Defining how feline skin microbiota relate to allergies
Do certain types microbiota show up on the skin of allergic cats that aren’t on the skin of healthy cats?
Researchers from Texas A&M University set out to test bacterial microbiota on different skin surfaces of healthy cats and cats with allergic skin disease. Testing the microbiota is a growing area of research in the field of veterinary medicine and while human and canine skin microbiota has been the subject of multiple studies, cats are less tested. The open access study appeared in the June 2017 issue of PLOS ONE.
In this study, the skin surface on various regions of 11 healthy cats and 10 allergic cats were sampled. By studying the microbiota on skin in healthy individuals, the researchers could begin to set a standard of “normal” microbiota. Skin swabs were collected from 12 sites on healthy cats including the chin, nostril, ear canal, and oral cavity. For allergic cats, skin swabs were collected from six sites.
For healthy cats, body site had an impact on difference in community structure. The most common phyla found were Proteobacteria (46.4%), followed by Bacteroidetes (20.7%), Firmicutes (17.7%), Actinobacteria (8.6%), and Fusobacteria (4.1%). The most common families were Porphyromonadaceae, Moraxellaceae, Pasteurellaceae, and Pseudomonadaceae. There were significant differences in abundance based on physiology, body site, and the individual cat.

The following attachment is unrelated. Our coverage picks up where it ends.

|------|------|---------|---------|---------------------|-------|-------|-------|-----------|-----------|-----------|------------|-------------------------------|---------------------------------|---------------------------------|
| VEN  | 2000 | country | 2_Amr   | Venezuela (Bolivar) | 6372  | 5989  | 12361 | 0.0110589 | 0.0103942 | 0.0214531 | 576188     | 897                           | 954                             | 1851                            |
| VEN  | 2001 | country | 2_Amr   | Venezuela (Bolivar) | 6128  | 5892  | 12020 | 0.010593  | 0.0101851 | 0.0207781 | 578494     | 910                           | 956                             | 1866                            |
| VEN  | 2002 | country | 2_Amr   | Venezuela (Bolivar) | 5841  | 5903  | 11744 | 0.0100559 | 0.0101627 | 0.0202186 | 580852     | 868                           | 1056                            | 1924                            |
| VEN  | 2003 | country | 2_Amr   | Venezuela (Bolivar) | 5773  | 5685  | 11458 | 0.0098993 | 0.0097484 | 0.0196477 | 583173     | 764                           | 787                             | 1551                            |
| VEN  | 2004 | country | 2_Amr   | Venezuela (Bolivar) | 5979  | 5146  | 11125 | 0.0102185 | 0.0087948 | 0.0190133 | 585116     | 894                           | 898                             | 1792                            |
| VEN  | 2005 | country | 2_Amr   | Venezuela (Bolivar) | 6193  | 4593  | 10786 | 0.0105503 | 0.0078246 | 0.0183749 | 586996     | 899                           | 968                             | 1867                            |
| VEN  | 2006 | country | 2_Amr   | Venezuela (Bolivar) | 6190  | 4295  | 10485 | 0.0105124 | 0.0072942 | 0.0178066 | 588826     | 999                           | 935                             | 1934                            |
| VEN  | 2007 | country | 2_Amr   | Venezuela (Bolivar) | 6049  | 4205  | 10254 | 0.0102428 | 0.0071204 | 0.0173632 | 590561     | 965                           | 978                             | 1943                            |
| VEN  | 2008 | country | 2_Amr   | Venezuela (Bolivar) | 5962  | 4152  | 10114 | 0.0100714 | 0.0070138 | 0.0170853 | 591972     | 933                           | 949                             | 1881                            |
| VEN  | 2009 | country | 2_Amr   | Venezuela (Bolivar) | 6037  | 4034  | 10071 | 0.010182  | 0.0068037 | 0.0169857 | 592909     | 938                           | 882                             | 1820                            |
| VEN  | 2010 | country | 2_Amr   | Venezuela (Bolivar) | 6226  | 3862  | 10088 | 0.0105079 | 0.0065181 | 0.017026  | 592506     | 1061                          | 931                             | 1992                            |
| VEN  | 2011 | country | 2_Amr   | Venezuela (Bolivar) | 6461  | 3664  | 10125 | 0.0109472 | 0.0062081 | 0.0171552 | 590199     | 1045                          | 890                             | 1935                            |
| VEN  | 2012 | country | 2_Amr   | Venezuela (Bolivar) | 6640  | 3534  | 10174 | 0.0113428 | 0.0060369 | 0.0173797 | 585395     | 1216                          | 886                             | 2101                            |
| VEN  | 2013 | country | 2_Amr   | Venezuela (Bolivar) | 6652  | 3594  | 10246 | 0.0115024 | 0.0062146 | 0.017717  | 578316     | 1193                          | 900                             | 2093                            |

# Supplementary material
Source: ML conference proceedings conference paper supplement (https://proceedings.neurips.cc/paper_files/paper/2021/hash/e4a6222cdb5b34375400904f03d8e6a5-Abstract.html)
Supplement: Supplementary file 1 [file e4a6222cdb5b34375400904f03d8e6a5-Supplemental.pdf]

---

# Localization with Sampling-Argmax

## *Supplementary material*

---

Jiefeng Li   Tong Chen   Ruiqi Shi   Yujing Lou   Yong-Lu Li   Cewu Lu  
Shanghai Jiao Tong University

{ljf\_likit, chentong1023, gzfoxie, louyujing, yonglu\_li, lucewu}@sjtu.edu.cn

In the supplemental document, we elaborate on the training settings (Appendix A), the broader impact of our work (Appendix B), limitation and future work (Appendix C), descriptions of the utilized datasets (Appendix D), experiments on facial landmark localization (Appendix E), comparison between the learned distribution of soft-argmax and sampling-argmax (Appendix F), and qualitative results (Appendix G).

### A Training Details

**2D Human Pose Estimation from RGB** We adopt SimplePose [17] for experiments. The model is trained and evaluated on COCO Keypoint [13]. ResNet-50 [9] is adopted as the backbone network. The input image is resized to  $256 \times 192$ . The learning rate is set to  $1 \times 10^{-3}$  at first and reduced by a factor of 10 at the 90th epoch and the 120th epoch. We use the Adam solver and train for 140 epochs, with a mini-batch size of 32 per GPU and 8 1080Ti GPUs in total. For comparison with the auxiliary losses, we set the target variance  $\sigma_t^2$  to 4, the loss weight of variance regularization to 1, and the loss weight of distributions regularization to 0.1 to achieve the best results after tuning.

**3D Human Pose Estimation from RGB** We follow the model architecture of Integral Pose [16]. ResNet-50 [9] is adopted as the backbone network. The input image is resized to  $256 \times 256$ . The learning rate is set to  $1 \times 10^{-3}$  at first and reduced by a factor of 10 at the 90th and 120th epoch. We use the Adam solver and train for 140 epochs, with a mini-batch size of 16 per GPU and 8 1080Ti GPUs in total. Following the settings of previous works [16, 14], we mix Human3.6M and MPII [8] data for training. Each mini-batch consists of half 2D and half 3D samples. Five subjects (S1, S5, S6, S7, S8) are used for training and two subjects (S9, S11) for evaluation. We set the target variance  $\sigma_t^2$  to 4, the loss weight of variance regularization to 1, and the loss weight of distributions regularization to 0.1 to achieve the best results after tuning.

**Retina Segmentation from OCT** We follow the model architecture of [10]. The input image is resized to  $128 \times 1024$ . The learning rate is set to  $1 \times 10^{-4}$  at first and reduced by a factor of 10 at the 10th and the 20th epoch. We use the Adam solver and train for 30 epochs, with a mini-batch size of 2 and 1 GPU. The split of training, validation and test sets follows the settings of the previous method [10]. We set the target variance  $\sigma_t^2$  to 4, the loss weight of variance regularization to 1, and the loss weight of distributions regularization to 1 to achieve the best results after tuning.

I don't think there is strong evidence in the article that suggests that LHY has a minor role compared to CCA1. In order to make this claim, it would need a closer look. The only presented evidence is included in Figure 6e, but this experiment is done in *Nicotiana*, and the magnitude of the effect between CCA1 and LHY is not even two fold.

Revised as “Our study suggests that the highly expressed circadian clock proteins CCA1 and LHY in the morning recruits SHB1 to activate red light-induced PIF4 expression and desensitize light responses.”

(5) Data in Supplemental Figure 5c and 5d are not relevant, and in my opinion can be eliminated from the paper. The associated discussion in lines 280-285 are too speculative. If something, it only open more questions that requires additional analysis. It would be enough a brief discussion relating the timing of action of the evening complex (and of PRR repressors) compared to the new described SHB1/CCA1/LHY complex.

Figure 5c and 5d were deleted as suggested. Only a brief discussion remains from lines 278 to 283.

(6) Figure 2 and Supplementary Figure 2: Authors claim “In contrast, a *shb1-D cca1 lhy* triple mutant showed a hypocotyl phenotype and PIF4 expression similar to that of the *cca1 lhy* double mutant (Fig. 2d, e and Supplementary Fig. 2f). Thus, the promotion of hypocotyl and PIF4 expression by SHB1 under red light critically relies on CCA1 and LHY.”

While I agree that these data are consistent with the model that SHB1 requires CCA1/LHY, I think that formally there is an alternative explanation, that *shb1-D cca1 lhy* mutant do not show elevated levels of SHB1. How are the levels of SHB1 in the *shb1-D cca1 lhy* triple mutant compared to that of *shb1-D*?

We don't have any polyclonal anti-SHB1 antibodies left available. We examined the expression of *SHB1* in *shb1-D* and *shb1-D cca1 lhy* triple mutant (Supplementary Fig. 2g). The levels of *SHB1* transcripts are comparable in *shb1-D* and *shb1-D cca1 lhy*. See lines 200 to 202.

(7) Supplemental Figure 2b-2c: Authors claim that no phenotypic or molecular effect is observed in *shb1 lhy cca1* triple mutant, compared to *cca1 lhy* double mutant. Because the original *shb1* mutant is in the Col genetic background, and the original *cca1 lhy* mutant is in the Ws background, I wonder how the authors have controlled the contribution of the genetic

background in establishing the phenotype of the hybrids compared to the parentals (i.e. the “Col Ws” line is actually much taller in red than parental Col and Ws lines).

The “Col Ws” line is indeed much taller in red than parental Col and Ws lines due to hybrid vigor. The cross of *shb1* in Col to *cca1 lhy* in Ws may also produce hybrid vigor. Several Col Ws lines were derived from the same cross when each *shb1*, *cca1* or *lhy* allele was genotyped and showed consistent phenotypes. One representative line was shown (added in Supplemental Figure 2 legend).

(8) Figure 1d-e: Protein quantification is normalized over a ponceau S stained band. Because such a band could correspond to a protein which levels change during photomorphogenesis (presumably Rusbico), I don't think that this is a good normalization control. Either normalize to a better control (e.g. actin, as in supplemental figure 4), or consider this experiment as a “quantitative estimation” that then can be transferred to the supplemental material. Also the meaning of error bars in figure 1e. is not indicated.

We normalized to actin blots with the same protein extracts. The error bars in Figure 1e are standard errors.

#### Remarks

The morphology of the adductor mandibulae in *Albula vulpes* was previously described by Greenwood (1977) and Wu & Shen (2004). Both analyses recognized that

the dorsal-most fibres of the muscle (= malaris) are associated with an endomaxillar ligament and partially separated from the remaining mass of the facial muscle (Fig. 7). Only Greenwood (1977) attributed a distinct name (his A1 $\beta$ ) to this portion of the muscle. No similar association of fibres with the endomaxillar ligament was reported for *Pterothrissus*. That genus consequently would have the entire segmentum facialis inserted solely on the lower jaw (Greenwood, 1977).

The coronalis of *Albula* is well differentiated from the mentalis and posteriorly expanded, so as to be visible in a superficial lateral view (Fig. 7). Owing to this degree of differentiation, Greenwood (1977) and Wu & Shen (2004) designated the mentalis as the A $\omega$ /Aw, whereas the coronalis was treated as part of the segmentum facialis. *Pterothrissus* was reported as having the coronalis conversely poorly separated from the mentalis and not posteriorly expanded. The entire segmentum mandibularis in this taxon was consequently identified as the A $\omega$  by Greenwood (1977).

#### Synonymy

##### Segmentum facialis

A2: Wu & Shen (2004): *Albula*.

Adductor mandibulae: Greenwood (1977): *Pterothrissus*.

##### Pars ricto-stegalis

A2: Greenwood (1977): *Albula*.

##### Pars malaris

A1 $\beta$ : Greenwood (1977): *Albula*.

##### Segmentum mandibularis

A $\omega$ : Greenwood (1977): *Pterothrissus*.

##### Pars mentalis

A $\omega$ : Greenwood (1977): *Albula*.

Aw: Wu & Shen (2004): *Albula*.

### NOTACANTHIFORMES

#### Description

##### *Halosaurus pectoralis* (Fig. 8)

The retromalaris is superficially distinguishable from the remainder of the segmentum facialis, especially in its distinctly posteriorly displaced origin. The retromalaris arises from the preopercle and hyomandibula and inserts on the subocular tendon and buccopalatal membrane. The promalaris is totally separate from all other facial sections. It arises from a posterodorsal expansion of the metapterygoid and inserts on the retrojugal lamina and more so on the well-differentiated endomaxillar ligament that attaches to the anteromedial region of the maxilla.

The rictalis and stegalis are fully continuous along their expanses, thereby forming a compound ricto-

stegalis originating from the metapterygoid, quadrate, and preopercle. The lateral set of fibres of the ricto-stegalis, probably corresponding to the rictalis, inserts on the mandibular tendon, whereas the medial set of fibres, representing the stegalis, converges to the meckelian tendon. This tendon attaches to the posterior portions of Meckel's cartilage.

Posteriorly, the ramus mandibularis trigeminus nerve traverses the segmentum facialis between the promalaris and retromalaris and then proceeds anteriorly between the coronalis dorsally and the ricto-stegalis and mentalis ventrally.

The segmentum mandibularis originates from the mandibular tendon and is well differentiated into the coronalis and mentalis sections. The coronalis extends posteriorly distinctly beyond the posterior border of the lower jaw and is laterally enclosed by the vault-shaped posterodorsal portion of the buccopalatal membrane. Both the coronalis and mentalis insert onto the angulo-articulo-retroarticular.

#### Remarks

For allergic cats, metrics indicated significant differences between individual cats and unlike samples from healthy cats, the samples from allergic cats did not cluster by body site. The most common phyla in allergic cats were Proteobacteria (49.0%) followed by Firmicutes (21.5%), Actinobacteria (13.7%), Bacteroidetes (11.2%), and Fusobacteria (3.0%). The most abundant families were Pseudomonadaceae, Moraxellaceae, Pasteurellaceae, and Neisseriaceae.
No significant differences were found in species richness and diversity between healthy and allergic cats. There was a differences in the prevalence of microbiota families, indicating that healthy cats had more Oxalobacteraceae and Porphyromonadaceae, and allergic cats had more Staphylococcus. Another recent study of cats showed increased Staphylococcus on allergic cats as well. Higher proportions of Staphylococcus have been associated with atopic dermatitis in humans and dogs, which indicates there could be also be a relationship between the two in cats.
The sample cohort for the study was small because the researchers wanted as much homogeneity in the sample size as possible. While they concluded that the study revealed there are many more bacterial species on feline skin than previously thought, additional follow up studies should be done with larger sample sizes to support their findings.
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